that a substantial fraction of computational systems allow for some
kind of structure. Let us further suppose that some smaller fraction of
these systems allow for spontaneous order. Then this is fundamentally
an inherent property of mathematics; not contingent on the properties
of our universe, or any universe. It is not something that could be
controlled even by God, for He could not have created mathematics to be
different from it is. It is simply inevitable, that among chaos there
is automatically a subset called order.
> 7. If we were in a "possible world" where thermodynamics ran backwards
> (entropy decreased), would the time-perception of observers within
> that world also run backwards? Would these backwards worlds (as far as
> classical physical observations go, anyway) thus be equivalent to and
> theoretically equatable with the corresponding possible world which was
> the same except that thermodynamics runs forwards as we are used to?
I suppose so, although your question assumes a sort of "absolute time"
relative to which we can say that entropy is decreasing. It might be
more correct to say that "time" is simply that direction towards which
entropy increases and that there is no inherent arrow of time that we
can compare entropy changes to.
> 8. What is the significance of the fact that observers like ourselves
> (possibly with some notion of free will) are separated in space and can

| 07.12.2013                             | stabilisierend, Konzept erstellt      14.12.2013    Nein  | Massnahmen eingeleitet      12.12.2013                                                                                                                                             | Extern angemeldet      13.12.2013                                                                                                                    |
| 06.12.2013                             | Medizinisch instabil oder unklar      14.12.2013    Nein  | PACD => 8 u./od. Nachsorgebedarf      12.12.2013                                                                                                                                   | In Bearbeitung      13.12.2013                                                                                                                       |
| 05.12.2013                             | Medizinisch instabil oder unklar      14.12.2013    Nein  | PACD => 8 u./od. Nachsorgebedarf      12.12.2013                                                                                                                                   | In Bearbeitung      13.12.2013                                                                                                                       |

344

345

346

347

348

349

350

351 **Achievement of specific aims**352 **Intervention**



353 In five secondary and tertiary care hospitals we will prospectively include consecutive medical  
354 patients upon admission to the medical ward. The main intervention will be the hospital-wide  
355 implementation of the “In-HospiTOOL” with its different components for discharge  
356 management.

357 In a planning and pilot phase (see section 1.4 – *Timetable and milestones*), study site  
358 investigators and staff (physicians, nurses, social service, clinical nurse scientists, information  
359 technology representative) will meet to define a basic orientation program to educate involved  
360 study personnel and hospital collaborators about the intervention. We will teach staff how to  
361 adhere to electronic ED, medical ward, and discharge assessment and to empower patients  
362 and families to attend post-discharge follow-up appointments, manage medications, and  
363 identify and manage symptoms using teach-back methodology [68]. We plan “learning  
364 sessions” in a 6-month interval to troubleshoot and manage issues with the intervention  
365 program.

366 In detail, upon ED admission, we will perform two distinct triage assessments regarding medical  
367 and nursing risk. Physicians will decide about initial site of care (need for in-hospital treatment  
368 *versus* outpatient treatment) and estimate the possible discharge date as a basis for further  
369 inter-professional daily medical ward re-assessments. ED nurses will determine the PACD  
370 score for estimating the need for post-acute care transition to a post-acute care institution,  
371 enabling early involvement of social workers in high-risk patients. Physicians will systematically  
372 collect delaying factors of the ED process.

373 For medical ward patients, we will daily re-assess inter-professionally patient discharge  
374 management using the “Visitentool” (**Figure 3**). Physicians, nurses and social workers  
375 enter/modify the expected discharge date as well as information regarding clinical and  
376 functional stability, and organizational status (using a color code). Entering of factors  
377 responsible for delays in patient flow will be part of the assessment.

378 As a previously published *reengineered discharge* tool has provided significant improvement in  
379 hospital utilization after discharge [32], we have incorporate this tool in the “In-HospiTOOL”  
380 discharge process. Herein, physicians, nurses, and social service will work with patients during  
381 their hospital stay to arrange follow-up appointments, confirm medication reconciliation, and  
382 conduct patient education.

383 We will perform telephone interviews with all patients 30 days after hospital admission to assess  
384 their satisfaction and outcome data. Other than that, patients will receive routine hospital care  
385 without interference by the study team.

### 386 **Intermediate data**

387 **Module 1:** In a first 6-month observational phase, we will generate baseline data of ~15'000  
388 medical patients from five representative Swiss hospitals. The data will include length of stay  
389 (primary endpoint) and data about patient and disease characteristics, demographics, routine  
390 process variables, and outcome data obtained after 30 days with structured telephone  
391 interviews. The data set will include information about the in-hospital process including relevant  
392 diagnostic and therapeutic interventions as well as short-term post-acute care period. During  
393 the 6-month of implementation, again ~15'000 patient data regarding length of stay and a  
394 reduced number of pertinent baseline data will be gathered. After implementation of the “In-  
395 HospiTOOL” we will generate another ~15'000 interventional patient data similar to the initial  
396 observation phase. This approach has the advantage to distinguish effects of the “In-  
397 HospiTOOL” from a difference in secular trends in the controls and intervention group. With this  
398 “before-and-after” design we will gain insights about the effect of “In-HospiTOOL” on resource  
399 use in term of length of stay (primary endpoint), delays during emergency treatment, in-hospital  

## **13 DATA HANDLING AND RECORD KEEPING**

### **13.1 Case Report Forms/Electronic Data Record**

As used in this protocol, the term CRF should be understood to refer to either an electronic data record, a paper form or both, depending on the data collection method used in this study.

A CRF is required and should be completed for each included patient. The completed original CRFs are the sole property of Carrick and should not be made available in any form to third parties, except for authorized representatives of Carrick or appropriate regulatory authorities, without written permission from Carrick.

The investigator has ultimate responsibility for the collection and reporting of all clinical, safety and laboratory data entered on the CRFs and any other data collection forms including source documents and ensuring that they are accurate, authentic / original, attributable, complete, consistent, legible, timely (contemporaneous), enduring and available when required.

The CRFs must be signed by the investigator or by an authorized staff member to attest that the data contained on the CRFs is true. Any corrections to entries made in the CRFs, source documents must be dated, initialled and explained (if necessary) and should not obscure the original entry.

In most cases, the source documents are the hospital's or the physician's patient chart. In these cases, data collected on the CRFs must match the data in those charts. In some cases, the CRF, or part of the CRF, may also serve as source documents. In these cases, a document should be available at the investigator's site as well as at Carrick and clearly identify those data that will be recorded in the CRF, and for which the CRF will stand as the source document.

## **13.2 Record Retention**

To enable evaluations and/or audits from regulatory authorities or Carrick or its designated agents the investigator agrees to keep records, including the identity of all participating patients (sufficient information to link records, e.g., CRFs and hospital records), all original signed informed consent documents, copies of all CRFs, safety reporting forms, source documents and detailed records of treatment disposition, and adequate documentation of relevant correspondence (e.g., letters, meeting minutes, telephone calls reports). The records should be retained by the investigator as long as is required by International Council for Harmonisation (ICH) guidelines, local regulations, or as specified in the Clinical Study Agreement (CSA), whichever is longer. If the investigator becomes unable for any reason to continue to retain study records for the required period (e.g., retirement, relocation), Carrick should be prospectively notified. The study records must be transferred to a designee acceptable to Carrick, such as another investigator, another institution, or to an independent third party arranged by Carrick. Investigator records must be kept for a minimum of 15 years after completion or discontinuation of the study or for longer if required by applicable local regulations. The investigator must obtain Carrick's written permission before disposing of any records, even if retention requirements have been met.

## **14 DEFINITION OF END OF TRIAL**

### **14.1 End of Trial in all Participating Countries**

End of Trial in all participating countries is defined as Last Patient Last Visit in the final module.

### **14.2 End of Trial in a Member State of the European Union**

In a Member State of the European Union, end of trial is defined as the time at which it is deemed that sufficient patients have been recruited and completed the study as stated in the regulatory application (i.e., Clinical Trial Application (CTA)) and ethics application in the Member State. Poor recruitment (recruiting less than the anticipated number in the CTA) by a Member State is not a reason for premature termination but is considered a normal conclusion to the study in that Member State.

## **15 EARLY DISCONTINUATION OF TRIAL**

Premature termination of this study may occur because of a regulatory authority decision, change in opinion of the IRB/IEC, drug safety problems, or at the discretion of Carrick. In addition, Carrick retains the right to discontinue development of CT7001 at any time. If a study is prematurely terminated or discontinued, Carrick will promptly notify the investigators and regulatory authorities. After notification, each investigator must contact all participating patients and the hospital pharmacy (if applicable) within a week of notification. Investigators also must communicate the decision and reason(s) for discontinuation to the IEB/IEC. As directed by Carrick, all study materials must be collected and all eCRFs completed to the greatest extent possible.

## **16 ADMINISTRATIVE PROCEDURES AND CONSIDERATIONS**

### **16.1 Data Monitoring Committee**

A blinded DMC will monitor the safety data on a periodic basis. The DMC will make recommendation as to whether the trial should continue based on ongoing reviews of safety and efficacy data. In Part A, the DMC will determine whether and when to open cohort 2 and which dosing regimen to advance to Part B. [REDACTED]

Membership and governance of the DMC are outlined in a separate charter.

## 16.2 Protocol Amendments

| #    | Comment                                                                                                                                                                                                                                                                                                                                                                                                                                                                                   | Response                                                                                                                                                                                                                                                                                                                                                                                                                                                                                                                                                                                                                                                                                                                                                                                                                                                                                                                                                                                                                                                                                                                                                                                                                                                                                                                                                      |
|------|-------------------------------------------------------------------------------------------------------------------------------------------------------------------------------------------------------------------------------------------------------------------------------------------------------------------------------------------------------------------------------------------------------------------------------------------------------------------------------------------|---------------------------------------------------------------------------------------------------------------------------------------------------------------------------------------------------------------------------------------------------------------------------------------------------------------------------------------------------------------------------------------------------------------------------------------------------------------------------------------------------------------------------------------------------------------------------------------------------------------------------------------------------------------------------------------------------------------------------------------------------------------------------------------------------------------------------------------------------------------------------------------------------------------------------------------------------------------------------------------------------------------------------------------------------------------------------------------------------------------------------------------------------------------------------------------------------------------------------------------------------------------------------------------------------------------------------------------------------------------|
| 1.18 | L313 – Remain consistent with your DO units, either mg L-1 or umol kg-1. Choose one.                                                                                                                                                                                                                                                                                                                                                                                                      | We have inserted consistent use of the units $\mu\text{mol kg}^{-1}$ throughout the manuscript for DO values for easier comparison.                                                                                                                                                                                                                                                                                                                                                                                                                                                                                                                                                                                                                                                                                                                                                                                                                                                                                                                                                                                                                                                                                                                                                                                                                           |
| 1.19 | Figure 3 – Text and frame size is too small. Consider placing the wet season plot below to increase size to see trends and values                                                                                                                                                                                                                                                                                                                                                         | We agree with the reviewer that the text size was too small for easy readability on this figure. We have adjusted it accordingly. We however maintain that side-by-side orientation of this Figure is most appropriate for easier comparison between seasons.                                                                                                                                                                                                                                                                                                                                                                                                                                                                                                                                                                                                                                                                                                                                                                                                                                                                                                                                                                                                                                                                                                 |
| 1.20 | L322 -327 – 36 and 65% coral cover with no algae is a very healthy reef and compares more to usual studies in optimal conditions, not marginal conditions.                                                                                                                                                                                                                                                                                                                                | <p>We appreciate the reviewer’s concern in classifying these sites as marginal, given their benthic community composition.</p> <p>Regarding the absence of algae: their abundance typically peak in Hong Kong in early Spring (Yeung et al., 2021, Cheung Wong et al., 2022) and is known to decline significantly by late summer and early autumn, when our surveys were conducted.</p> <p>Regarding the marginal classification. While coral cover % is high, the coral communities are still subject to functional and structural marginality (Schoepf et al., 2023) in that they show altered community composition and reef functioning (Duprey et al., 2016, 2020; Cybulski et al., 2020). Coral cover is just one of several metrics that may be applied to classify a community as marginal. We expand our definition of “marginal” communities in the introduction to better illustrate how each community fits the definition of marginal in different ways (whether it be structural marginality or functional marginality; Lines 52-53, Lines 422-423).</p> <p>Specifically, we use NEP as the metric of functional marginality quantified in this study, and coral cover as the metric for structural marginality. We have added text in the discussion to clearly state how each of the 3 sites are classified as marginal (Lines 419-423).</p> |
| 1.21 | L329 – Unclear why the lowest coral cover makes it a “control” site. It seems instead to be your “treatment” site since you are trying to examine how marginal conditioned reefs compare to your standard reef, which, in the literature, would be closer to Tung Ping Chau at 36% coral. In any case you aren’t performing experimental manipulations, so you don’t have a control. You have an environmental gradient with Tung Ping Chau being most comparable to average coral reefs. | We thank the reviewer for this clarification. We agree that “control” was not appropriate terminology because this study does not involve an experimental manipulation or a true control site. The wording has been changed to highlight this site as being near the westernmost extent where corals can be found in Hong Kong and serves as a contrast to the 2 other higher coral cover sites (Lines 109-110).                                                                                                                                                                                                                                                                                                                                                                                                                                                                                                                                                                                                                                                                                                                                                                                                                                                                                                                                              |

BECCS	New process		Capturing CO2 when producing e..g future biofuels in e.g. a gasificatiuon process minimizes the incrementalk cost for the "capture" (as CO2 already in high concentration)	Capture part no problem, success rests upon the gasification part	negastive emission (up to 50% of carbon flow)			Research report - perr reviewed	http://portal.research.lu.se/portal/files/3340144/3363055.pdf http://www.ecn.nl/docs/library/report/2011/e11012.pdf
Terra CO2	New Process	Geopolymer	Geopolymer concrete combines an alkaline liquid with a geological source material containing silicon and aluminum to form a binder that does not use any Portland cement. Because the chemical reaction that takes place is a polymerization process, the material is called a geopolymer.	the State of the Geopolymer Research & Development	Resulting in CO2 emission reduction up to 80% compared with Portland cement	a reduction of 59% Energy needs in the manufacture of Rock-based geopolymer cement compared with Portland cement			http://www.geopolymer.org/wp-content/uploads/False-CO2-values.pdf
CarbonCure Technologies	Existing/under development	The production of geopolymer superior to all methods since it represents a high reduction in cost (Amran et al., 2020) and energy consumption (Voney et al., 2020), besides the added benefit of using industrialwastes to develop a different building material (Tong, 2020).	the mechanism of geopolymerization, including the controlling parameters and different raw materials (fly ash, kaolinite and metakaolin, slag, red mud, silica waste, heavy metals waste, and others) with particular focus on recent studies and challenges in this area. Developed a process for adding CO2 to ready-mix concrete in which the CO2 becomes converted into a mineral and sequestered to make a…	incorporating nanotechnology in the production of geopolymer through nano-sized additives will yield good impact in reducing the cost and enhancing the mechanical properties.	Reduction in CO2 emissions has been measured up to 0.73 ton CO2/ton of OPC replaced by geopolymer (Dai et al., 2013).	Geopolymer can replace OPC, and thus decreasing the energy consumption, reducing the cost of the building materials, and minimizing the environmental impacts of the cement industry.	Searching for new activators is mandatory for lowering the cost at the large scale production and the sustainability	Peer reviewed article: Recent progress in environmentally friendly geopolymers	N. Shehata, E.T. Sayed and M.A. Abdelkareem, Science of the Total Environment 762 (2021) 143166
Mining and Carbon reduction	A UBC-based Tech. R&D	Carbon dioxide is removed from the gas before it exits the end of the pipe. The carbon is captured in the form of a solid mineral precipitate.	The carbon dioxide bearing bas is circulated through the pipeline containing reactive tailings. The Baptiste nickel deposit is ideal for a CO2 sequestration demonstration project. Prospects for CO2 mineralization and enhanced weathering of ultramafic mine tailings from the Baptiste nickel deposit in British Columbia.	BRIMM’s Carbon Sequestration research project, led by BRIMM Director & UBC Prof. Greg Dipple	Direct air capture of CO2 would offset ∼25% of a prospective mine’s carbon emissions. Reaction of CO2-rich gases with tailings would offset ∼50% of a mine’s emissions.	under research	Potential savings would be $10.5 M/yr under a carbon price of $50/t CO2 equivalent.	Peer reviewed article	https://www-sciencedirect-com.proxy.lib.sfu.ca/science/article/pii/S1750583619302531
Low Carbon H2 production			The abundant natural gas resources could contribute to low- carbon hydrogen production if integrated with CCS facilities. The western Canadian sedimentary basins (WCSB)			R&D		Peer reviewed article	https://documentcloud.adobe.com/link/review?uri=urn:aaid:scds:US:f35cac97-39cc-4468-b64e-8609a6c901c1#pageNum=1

> only communicate / cooperate with each other at the speed of light. They
> cannot interfere with some decisions that the other makes, because the
> other has already made the decision before a lightspeed communication
> can tell them or force them to stop. Imagine Jane on Venus and Joe on
> Mars getting into an argument. Immediately after receiving Joe's last
> communication (which he sent an hour ago), Jane decides to detonate her
> solar-system bomb in frustration and spite. Nothing Joe can say or do
> can stop her, because it will take two hours for him to know she's about
> to push the button, and communicate his desperate and well-crafted plea
> for forgiveness. The idea of FUNDAMENTALLY independent decision makers
> "co-existing" seems interesting. Open ended question. It's just as if
> Joe and Jane lived at different times. (And yet they CAN communicate
> with each other, just slowly. Hmmm)
I speculate that the speed of light limitation preserves diversity by
preventing an intelligence from expanding infinitely fast throughout
the universe and turning the whole thing into a single consciousness.
Elsewhere in the universe are expanding minds, but they have not gotten
here yet because of the speed of light limitation; and further, that
limitation makes those minds themselves become fragmented. Perhaps,
on some versions of the anthropic principle, this could increase the
"mental measure" of our universe relative to those that become singleton
minds, making it more likely.
A perhaps more plausible speculation is simply that relativity theory
exists as a side effect of a simple set of equations that guides our
universe (the unified theory our physicists seek). Once that set
of equations is found, it will be seen to be very simple, but the
ramifications of that theory lead to all of the complexity and order
that is necessary for life to evolve. The speed of light limitation
just falls out of the theory as a side effect of its inherent simplicity,
one which doesn't impair the formation of life and hence has no anthropic
implications. It just happened to happen.